Before becoming a lawyer, Mary worked as a technical editor for the Canadian Transportation Accident and Safety Board (now Transportation Safety Board).
Mary received her Bachelor of Arts from Memorial University of Newfoundland and graduated from Osgoode Hall Law School. She has been a member of the Law Society of Ontario (formerly the Law Society of Upper Canada) since February 1997.
Heather Smith, Member
Heather Smith became a full-time Member of the Canadian Transportation Agency on August 27, 2018. Heather was most recently Vice-President, Operations at the Canadian Environmental Assessment Agency. In previous positions, Heather was Executive Director in the Government Operations Sector of Treasury Board Secretariat, and Director General in the Strategic Policy Branch at Agriculture and Agri-Food Canada (AAFC). Heather held several management positions within Justice Canada, as General Counsel and Head of AAFC Legal Services, General Counsel and Head of Legal Services at the Canadian Environmental Assessment Agency, and General Counsel in the Legal Services Unit of Social Development Canada/Human Resources and Skills Development Canada.
Heather also served as legal counsel at Environment Canada Legal Services and Manager of the Canadian Environmental Protection Act Office at Environment Canada. Heather holds a B.A.(Hons.) from the University of King's College and an L.L.B. from the University of Toronto. She has also earned the Chartered Director (C.Dir.) designation from the McMaster/DeGroote Directors College.
Gerald Dickie, temporary Member
Gerald Dickie comes to the Canadian Transportation Agency after having worked for 36 years in the grain industry at different port locations. He spent the first 6 years in Thunder Bay at the Cargill Terminal. The next 30 years, he worked at the Port of Metro Vancouver. He initially worked on the rehabilitation of the Alberta Wheat Pool Terminal (now Cascadia Terminal) and was part of the team that automated the facility and introduced unit train unloading capabilities. In July of 2007, as a result of the ownership change of Agricore United, he moved to the North Vancouver Cargill Facility (formerly SWP) as the General Manager. He is an experienced manager of people, capital projects, business operations, labour negotiations, supply chains and strategy.
The 30 years he spent working at the Port of Vancouver included being part of several external groups. He has held every position within the Vancouver Terminal Elevator Association, from President to Secretary. He was a member of the Senior Port Executive Committee Group, the Port Competitiveness Committee, BC Terminals Association and North Shore Waterfront Industry Association. This included leadership roles and active work in everything from port education for the community to Low Level Road Initiative and social licence activities. This experience included a good exposure to the issues that all port tenants, railway companies, vessel companies and customers faced.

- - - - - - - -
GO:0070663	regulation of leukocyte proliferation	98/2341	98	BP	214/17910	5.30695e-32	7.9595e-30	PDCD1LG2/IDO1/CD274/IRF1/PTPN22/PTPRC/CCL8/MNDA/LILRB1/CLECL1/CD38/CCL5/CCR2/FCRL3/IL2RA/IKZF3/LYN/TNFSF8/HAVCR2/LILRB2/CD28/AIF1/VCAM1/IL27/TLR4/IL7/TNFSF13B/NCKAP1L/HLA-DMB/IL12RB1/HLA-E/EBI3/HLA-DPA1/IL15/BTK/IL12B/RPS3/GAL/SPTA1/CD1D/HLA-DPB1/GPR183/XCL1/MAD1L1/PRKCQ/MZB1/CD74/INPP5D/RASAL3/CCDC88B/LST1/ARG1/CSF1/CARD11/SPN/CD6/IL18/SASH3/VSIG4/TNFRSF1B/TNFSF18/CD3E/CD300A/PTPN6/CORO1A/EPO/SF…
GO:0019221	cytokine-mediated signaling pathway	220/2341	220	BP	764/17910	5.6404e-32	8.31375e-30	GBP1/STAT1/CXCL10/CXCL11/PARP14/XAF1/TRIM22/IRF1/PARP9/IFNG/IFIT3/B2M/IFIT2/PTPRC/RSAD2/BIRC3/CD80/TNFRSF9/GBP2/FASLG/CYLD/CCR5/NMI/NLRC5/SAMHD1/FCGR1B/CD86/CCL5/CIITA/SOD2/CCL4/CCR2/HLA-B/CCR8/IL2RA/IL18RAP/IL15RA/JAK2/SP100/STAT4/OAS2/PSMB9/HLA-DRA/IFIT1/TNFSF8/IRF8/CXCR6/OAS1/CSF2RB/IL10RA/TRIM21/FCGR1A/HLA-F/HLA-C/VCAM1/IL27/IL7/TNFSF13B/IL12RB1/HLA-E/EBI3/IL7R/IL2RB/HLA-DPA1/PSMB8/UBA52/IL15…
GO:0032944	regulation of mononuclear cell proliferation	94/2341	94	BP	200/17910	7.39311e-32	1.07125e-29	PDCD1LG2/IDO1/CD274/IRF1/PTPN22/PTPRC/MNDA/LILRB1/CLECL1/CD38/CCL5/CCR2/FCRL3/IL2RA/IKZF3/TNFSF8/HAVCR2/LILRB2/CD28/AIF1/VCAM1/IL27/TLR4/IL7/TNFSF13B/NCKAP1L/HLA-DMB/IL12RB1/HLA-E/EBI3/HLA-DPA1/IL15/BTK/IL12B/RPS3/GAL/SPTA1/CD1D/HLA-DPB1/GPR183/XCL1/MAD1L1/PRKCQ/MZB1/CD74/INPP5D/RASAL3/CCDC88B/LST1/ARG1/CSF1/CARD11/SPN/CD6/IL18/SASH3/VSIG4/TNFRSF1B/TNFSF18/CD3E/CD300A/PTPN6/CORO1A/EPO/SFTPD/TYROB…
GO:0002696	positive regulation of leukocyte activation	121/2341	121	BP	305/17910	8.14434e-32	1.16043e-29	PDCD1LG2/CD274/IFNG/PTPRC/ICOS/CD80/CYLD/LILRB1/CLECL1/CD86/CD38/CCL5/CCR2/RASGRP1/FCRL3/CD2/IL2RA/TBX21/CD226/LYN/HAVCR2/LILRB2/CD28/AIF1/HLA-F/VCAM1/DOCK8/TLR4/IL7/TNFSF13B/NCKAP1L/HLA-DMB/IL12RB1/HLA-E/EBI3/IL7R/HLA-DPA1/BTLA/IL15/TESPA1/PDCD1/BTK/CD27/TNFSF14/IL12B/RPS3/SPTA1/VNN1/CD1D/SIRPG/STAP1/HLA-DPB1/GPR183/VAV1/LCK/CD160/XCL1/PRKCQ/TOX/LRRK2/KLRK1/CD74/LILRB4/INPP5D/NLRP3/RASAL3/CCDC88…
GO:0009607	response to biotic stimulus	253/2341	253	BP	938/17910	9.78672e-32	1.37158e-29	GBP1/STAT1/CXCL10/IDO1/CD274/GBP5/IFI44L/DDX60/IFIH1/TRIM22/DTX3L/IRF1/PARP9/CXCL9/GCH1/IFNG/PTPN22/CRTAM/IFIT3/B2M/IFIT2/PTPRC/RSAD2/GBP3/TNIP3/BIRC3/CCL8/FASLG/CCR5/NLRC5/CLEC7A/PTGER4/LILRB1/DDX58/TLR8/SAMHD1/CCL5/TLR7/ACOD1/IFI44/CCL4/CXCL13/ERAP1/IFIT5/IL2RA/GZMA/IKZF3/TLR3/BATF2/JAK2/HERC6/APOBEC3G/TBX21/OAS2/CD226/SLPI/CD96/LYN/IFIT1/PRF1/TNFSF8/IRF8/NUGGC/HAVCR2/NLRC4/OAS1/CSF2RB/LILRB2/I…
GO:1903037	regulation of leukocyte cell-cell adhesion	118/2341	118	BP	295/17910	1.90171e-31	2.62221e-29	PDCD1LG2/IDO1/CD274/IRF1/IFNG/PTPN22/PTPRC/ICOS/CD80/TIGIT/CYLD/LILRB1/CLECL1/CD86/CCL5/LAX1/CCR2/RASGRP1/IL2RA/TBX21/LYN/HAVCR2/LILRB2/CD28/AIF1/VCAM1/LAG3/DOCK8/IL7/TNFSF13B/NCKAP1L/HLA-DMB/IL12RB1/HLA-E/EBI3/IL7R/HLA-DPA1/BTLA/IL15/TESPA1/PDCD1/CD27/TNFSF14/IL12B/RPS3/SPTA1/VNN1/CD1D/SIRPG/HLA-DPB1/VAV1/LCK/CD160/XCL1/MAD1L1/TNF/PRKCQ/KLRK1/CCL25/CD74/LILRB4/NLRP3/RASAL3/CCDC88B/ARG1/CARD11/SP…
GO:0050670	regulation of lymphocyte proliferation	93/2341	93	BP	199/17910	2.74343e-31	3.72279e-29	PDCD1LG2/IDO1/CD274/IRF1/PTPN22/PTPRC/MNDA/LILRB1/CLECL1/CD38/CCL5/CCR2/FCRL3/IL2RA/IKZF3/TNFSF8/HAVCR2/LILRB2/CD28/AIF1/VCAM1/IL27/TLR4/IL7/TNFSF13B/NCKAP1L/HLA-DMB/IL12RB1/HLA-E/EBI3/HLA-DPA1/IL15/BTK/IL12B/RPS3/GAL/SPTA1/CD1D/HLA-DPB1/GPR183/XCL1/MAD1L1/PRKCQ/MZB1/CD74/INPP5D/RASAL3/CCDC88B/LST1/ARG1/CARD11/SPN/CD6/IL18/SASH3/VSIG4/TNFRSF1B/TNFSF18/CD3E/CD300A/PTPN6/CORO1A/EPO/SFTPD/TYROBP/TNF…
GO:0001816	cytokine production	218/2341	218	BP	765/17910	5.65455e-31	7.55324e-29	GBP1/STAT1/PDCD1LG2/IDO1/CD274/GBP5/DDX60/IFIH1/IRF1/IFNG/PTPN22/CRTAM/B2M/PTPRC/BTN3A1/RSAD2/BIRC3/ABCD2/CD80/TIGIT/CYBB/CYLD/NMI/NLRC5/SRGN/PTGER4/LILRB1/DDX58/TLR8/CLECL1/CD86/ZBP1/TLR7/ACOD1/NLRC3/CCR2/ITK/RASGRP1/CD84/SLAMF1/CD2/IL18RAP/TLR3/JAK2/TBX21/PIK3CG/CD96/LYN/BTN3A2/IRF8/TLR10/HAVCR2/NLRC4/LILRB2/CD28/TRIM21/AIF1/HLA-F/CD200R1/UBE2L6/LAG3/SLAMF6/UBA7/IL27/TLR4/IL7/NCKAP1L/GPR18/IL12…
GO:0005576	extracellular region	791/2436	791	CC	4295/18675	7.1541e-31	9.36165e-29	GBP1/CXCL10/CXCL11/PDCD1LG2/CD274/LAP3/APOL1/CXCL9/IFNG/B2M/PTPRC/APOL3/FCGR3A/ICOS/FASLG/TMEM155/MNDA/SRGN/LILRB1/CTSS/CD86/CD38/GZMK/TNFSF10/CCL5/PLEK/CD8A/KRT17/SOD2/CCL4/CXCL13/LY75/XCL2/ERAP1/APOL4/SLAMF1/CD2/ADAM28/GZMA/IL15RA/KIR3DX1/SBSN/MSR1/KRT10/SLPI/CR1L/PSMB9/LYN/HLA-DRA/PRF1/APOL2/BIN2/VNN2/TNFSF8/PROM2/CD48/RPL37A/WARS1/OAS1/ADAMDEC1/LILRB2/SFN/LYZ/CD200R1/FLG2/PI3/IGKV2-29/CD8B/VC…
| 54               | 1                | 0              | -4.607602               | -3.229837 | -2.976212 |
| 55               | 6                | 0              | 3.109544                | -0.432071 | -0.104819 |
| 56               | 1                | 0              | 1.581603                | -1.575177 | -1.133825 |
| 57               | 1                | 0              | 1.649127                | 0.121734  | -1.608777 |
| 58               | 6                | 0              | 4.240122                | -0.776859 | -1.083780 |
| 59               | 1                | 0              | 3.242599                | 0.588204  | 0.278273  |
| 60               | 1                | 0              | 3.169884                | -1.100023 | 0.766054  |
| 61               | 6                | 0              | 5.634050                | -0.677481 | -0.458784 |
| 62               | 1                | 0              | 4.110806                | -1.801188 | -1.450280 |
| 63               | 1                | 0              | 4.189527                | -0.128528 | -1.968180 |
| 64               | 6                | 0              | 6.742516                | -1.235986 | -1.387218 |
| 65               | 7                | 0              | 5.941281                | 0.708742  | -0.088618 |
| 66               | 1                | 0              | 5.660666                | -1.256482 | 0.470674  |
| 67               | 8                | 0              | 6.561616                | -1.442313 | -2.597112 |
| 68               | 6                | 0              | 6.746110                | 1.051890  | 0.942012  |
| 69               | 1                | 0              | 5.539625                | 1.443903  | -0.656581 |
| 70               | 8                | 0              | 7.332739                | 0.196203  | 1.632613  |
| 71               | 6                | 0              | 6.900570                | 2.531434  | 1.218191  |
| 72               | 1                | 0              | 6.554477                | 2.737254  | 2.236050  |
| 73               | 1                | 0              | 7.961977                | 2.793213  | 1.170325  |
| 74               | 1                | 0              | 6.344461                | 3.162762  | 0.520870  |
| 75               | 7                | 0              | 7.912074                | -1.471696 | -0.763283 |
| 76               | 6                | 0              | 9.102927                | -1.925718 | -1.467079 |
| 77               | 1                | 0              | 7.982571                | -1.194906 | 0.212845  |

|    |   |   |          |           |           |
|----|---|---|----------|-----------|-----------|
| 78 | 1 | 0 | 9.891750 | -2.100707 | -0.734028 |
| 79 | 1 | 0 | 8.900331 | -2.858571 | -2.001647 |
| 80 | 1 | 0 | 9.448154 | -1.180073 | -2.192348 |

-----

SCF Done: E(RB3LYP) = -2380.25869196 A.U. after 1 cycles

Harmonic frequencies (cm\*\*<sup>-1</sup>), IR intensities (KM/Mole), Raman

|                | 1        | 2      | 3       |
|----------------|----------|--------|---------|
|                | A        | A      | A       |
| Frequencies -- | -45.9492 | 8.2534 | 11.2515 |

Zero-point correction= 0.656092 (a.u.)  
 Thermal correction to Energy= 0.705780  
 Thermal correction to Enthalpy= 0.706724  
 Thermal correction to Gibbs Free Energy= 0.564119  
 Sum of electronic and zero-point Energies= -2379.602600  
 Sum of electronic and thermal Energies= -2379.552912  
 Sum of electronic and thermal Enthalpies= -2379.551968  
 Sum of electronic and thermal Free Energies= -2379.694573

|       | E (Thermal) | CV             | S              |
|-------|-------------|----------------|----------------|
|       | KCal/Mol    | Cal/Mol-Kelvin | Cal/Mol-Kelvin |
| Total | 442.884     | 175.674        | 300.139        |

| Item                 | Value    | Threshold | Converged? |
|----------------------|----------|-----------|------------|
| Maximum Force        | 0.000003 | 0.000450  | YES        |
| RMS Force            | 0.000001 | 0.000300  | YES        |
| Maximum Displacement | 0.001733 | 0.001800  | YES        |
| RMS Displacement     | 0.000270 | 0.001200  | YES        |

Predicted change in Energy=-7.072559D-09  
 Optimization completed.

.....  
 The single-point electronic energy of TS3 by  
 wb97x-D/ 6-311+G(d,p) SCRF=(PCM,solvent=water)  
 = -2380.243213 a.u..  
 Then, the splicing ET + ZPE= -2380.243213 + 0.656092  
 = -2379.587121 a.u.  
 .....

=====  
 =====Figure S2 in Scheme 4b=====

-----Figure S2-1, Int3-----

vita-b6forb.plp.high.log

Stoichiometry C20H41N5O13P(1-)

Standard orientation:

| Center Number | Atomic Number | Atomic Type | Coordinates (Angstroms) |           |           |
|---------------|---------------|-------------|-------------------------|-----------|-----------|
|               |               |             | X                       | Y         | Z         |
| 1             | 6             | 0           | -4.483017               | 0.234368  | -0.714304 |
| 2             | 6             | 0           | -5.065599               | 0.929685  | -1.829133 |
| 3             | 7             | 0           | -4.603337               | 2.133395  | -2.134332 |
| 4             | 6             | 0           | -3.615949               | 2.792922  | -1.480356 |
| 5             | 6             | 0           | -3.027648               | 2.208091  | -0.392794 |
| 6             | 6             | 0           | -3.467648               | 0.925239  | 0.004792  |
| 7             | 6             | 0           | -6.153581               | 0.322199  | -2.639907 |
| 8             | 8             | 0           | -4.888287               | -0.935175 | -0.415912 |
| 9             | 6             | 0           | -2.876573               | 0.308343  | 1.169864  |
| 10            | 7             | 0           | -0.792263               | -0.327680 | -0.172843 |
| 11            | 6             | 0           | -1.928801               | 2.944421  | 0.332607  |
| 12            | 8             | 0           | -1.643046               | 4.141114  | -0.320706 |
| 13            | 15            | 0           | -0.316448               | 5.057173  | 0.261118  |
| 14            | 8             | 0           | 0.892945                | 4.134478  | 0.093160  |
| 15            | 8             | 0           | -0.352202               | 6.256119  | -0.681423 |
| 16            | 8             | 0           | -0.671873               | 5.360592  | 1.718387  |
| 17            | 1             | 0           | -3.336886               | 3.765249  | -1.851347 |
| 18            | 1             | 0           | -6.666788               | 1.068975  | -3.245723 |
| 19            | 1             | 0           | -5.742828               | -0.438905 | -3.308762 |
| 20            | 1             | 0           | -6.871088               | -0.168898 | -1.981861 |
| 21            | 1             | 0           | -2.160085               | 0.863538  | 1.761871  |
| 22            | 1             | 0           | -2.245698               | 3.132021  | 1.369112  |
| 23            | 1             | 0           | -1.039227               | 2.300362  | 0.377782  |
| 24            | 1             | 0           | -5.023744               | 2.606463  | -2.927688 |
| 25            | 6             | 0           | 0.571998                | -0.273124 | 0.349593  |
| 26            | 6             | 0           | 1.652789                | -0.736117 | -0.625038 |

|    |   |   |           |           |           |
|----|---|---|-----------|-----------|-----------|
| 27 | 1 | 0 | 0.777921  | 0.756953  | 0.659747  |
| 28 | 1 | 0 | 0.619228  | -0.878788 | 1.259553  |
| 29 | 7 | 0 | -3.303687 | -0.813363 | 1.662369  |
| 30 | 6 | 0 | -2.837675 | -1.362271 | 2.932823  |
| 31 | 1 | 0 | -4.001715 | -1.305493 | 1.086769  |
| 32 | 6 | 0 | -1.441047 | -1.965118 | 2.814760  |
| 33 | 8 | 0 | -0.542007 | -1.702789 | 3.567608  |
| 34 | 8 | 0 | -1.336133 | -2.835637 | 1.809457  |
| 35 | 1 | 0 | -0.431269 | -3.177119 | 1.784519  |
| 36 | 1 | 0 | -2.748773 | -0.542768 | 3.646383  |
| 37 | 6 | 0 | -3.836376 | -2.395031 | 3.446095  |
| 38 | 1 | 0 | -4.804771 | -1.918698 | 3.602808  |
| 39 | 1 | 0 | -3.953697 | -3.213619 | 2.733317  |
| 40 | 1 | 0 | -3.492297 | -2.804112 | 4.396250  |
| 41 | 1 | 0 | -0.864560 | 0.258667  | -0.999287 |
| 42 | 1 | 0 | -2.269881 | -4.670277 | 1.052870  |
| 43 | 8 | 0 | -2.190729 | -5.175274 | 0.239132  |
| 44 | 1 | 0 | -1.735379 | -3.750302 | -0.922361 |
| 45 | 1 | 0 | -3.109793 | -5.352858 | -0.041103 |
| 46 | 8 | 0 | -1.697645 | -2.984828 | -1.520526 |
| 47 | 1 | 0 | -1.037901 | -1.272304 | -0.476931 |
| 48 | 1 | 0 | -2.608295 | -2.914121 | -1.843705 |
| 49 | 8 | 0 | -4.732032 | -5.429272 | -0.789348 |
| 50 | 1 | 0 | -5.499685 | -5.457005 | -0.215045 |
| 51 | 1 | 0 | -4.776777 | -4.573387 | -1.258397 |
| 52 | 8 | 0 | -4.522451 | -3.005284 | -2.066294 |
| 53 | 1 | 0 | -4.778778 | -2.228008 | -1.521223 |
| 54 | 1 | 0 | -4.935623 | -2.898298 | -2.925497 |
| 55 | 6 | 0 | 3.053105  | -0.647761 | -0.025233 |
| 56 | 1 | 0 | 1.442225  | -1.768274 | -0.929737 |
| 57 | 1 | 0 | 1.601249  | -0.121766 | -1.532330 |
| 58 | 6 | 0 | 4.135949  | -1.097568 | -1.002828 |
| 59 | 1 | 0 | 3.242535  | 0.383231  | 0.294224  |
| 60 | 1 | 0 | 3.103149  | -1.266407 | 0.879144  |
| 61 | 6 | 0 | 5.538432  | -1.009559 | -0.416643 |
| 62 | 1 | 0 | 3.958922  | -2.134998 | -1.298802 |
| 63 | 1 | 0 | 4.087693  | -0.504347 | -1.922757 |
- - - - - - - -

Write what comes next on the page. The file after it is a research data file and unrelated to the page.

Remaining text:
He has worked with Transport Canada on the Winter Rail Contingency Meeting programs and on supply chain issues with a number of groups. He is familiar with marine and rail supply chains and with the producers, shippers and customers that rely on these chains.
Gerald has an MBA from Royal Roads University and a BScF from Lakehead University.
Lenore Duff, temporary Member
Lenore Duff is a former public service executive with 28 years of service with the Government of Canada whose positions included Director General, Strategic Initiatives at the Labour Program; Director General, Surface Transportation Policy at Transport Canada; and Senior Privy Council Officer supporting the Social Affairs Committee of Cabinet. Her primary focus throughout her career has been on the development of policy and legislation across a broad range of economic and social policy areas.
As Director General, Surface Transportation Policy at Transport Canada, Lenore was responsible for developing policy options and providing advice on strengthening the freight rail liability and compensation regime, as well as on reforming freight rail provisions as part of the recent modernization of the Canada Transportation Act. At the Labour Program, her work included leading the development of a series of legislative initiatives designed to enhance protections for federally regulated employees. Prior to that, Lenore was responsible for the development of policy initiatives related to income, employment and disability.
In the course of her career, Lenore has also had the opportunity to conduct consultations with a broad range of industry, civil society and government stakeholders to inform the development of policy and legislation.
Lenore earned both a Bachelor of Arts (Honours Sociology) and Master of Arts in Sociology from Carleton University.